The incidence of retinopathy among systemic lupus erythematosus (SLE) patents treated with hydroxychloroquine increased with longer treatment duration, but could be predicted by monitoring blood levels of the drug, say researchers writing in Arthritis & Rheumatology this month.
Hydroxychloroquine is one of only four medications approved in the U.S. for patients with systemic lupus. It is the only medication that has been shown to improve survival for patients with systemic lupus, in part, by reducing flares by as much as 50 percent. However, the treatment is associated with the development of retinopathy over time.
In this study, which was led by Michelle Petri, M.D. M.P.H., of Johns Hopkins University School of Medicine in Baltimore, researchers assessed the risk of retinopathy by examining the clinical characteristics and hydroxychloroquine levels in the blood of 537 patients with systemic lupus (494 females, 46.9 percent Caucasian and 41.5 percent African American). They found an overall frequency of retinopathy as 4.3 percent with a 1 percent risk of developing retinopathy within the first five years of treatment. The risk dropped to 1.8 percent between years six and 10; 3.3 percent between years 11 to 15 years; 11.5 percent between years 16 to 20; and, 8 percent after 21 years.
Among patients in the lowest mean tertile of hydroxychloroquine blood levels (0 to 741 ng/mL), the rate of retinopathy was 1.2 percent, 3.7 percent for those with blood levels of 741.5 to 1,176.5 ng/mL and 7.9 percent for patients with levels of 1,177 to 3,513 ng/mL (P for trend = 0.0027).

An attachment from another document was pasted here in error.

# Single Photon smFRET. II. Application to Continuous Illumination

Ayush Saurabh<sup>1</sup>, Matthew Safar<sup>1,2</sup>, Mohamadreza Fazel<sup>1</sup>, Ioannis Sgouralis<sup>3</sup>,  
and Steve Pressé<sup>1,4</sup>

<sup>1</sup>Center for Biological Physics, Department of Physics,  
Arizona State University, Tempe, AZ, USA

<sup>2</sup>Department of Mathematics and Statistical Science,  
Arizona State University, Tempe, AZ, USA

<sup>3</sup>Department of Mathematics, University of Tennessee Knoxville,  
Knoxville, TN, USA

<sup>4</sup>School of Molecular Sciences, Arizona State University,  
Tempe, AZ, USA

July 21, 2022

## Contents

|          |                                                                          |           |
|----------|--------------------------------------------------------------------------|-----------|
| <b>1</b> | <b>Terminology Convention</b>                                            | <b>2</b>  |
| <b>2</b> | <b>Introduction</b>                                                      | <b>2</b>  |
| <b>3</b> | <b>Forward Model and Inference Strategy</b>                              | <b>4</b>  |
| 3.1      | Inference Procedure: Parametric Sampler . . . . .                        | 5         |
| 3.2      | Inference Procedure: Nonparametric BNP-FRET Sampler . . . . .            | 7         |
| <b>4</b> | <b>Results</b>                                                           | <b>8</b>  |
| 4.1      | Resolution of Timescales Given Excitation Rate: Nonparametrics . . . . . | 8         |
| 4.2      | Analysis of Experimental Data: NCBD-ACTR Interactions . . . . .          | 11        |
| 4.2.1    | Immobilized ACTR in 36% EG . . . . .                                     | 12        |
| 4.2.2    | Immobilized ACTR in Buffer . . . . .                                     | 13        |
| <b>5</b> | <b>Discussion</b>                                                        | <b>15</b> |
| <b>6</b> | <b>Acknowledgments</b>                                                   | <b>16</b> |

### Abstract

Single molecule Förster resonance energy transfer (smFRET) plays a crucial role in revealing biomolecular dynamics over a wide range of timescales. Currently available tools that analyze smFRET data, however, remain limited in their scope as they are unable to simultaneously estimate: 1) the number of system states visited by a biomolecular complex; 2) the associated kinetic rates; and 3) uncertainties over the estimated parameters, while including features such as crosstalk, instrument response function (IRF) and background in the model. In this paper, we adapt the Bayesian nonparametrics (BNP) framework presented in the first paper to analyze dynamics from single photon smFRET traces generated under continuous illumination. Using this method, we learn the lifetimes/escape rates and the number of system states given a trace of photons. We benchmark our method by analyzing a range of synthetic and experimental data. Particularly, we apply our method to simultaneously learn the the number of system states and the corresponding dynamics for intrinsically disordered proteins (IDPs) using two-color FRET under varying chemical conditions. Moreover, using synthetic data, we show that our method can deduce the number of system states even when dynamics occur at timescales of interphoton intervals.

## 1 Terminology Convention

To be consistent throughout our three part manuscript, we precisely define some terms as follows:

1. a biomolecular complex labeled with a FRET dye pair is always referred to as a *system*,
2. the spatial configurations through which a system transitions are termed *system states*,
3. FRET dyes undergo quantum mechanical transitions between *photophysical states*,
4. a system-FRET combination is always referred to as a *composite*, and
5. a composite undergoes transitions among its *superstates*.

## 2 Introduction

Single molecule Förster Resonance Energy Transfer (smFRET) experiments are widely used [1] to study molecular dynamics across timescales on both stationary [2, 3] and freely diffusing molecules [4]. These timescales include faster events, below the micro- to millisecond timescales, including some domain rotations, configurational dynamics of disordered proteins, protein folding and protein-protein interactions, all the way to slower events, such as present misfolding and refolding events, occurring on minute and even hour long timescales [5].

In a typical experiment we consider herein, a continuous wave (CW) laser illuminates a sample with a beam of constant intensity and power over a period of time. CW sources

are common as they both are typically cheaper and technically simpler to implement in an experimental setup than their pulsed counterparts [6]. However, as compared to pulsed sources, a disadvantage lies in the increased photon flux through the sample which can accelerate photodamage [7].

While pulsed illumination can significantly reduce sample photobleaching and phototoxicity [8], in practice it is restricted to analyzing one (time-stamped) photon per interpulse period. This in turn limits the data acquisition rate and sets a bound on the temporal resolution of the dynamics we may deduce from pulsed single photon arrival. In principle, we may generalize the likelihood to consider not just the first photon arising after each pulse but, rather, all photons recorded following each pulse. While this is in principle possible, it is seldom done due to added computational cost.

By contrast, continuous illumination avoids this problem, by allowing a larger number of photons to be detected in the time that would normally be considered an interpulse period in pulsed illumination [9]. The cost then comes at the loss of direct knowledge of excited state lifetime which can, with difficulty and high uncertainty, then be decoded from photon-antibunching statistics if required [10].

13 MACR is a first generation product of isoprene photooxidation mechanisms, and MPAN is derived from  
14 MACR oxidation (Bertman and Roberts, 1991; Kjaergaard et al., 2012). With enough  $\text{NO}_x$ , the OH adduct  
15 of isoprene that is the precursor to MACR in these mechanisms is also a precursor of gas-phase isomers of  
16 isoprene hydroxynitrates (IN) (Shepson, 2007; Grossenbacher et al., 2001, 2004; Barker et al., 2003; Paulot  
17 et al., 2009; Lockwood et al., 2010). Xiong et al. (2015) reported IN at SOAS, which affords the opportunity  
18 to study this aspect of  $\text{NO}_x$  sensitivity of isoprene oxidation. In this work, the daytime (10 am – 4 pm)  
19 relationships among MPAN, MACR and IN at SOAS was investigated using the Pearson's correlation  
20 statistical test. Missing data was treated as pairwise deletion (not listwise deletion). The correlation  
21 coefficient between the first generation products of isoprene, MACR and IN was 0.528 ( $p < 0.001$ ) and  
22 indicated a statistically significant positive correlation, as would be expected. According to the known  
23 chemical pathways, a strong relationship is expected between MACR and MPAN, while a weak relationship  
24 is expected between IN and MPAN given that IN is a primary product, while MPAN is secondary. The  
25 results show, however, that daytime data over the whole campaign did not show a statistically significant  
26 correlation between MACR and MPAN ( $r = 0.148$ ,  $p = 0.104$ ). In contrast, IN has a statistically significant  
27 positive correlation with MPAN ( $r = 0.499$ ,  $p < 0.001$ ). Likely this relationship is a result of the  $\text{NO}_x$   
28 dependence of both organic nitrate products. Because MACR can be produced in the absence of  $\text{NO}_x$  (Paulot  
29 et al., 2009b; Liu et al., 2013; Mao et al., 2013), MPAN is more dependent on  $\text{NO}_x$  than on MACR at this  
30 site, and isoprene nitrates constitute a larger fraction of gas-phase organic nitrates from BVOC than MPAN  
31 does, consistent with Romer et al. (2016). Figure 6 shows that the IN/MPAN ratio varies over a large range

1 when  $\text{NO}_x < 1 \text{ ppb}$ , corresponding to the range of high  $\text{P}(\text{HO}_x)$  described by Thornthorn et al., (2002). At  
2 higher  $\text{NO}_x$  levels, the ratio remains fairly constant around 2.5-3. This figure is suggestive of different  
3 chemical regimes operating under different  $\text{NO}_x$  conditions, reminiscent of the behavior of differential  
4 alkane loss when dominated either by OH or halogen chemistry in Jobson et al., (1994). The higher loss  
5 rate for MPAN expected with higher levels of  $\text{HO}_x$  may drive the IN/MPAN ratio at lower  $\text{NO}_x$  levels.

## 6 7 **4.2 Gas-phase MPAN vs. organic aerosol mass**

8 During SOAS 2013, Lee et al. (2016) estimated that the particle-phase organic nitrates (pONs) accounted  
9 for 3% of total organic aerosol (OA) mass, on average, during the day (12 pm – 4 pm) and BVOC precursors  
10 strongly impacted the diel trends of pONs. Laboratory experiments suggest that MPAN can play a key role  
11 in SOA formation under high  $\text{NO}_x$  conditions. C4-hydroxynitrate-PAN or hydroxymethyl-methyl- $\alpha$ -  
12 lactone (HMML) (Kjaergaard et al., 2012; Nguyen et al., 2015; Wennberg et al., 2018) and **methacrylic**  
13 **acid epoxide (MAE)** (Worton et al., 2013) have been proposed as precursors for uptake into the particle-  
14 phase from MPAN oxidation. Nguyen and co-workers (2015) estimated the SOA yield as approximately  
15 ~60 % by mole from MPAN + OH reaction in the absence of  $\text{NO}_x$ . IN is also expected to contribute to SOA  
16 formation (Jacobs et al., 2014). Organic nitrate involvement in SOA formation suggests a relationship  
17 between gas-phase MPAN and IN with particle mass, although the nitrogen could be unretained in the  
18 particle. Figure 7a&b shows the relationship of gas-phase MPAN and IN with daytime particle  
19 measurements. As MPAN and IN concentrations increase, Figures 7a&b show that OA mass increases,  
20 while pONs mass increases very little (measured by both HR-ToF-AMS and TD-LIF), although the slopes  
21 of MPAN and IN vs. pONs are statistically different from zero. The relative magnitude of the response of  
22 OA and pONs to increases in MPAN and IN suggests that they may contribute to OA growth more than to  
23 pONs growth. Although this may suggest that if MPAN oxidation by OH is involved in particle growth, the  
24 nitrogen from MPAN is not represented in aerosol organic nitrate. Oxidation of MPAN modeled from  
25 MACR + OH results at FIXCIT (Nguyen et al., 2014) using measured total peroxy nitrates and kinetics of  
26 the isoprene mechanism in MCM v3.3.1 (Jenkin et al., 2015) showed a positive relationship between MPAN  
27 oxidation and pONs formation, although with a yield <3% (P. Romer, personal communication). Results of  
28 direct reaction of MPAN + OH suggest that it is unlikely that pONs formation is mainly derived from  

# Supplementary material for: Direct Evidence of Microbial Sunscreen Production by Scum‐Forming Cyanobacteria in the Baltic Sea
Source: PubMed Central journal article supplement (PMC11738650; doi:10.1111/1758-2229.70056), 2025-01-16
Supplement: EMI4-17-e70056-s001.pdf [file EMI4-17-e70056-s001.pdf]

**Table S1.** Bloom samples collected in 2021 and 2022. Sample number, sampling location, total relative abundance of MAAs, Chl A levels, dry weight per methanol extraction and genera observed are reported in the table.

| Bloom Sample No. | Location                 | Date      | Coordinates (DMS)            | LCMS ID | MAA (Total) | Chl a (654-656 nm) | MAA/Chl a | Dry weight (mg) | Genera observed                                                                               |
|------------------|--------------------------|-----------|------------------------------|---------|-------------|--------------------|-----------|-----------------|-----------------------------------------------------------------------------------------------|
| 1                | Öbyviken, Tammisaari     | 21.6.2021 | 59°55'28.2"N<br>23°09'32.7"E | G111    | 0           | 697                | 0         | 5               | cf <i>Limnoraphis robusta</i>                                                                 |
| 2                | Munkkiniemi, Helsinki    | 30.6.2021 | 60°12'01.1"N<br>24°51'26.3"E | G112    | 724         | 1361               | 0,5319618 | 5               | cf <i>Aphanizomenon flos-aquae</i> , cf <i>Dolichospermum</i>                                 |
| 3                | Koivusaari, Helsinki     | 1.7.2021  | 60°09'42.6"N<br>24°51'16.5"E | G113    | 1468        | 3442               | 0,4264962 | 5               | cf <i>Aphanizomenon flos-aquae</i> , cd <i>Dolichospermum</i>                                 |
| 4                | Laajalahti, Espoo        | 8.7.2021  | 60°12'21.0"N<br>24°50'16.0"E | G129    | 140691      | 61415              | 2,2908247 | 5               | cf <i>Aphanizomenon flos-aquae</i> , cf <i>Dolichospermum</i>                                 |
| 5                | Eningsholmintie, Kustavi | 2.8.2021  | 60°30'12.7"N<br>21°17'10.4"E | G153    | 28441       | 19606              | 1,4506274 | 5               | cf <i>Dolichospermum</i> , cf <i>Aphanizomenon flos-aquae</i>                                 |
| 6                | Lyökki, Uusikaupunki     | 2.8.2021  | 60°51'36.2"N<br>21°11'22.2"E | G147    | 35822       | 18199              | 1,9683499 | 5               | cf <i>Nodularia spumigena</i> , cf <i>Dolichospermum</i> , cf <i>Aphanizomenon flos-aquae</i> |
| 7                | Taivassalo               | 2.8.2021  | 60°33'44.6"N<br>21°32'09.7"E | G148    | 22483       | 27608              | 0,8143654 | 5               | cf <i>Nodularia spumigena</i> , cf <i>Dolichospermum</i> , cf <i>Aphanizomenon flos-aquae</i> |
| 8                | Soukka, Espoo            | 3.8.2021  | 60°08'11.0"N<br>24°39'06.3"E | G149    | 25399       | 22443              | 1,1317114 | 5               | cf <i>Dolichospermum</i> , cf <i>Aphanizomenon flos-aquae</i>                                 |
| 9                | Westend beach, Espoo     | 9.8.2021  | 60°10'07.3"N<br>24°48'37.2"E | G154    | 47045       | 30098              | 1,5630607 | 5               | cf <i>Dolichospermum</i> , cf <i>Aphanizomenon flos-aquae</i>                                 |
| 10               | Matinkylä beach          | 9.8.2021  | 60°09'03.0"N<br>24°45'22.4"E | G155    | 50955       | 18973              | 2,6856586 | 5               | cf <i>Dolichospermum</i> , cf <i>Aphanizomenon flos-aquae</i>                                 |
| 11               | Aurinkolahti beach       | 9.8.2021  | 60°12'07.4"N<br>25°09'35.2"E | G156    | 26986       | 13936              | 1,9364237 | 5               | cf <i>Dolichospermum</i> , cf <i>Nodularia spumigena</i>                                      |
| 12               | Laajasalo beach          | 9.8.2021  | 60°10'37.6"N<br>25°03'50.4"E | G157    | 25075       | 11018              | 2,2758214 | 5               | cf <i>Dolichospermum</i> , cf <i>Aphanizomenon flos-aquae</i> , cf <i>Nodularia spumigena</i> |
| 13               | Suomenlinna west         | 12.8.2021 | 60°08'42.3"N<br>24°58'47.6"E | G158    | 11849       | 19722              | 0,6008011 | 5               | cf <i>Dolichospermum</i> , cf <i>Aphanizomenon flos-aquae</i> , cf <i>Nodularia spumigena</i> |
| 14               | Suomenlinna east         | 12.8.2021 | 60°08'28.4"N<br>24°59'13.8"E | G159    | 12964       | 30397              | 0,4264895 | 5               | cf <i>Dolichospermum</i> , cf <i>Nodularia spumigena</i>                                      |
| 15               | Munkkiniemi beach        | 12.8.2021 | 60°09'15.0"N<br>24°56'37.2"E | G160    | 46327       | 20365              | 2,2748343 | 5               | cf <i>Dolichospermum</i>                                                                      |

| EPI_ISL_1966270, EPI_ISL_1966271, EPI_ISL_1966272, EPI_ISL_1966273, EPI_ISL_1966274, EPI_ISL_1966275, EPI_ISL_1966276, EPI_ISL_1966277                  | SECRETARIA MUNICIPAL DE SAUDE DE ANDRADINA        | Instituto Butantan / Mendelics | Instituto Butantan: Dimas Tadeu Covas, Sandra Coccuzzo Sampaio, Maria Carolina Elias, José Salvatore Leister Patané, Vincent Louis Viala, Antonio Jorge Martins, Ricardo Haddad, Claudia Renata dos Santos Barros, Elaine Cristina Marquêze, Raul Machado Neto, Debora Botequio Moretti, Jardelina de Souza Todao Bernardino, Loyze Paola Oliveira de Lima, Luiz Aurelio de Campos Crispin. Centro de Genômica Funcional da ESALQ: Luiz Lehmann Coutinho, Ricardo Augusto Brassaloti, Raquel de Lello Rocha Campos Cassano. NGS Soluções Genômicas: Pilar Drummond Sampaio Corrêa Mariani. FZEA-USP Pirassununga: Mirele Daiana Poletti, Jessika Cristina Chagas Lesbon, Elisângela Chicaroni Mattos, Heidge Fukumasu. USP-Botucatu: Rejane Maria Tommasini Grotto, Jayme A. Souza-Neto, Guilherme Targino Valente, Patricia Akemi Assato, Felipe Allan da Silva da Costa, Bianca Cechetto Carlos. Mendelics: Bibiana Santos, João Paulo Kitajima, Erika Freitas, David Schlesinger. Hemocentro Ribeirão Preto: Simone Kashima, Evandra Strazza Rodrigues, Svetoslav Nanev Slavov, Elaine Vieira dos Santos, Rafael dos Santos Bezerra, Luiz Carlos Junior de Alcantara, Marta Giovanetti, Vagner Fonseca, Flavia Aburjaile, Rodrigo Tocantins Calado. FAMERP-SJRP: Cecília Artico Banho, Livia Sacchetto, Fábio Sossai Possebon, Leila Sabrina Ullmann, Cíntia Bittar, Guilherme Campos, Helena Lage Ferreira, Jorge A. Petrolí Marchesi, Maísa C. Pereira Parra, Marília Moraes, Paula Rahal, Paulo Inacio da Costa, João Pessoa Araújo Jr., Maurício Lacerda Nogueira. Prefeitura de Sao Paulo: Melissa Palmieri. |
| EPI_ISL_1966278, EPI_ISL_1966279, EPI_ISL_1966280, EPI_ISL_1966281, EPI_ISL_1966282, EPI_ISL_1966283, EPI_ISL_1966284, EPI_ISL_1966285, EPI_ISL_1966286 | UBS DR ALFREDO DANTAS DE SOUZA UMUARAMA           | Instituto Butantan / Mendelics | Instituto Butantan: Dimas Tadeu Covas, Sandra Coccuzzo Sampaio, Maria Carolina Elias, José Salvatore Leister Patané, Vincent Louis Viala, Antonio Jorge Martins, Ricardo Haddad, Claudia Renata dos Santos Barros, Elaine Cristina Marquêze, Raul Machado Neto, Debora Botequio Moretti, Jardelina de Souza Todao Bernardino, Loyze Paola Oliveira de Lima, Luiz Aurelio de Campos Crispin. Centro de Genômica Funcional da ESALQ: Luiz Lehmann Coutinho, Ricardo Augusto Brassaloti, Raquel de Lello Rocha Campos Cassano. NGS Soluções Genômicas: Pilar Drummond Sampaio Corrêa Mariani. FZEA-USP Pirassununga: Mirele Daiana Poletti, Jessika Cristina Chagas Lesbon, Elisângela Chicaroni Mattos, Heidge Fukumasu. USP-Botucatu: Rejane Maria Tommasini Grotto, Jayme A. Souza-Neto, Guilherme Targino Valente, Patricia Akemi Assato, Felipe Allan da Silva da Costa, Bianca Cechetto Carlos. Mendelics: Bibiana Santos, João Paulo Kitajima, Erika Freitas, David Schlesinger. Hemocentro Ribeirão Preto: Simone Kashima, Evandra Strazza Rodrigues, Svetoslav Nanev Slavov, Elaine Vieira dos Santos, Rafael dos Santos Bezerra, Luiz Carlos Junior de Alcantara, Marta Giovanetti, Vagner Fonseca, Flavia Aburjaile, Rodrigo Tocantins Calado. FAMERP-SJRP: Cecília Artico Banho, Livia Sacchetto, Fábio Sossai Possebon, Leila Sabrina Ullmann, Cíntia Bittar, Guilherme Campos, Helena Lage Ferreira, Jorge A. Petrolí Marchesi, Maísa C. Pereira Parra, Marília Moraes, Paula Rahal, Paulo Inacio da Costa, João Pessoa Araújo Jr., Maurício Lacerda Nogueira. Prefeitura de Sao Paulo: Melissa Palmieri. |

Higher toxicity rates were seen in patients with a high body mass index, patients older than 60 years (10.1 percent versus 0.5% for those more than 45 years old) and with a longer duration of treatment. African Americans had lower daily doses of hydroxychloroquine than Caucasians (4.46 versus 4.84 mg), but there were no differences in blood levels or retinopathy rates between African Americans and Caucasians. The prevalence of retinal toxicity increased in accordance with the tertile blood levels, from 1.2 percent at the lowest to 6.7 percent at the highest tertile.
"We found the results on high body mass index particularly concerning, as we capped the dose of hydroxychloroquine at 400 mg daily, no matter how high the body mass index," the authors wrote.
This is the first study that focuses on assessing retinopathy risk by tracking hydroxychloroquine blood levels.
Despite the benefits of treatment, which may also include anti-thrombotic and anti-diabetic effects and complete renal remission when given in combination with mycophenolate mofetil, the risks have been well documented. In 2016, the American Academy of Ophthalmology changed the recommended dosing of hydroxychloroquine from 6.5 mg/kg to less than 5 mg/kg, following a large retrospective study that found retinopathy rates of almost 20 percent by year 20 of use.
"Our data agree that the prevalence of hydroxychloroquine retinopathy, using newer screening technologies, is much higher than previously reported," the authors wrote, “Monitoring hydroxychloroquine blood levels is an important step to improved medication adherence in patients with SLE. We now introduce the concept of hydroxychloroquine blood level monitoring to reduce overdosage. The clinical impact of our study is that practitioners would be able to either decrease hydroxychloroquine dose or increase monitoring in patients with the highest tertile of blood levels.”
Michelle Petri, Marwa Elkhalifa, Jessica Li, et al. “Hydroxychloroquine Blood Levels Predict Hydroxychloroquine Retinopathy.” Arthritis and Rheumatology. September 18, 2019. doi: 10.1002/art.41121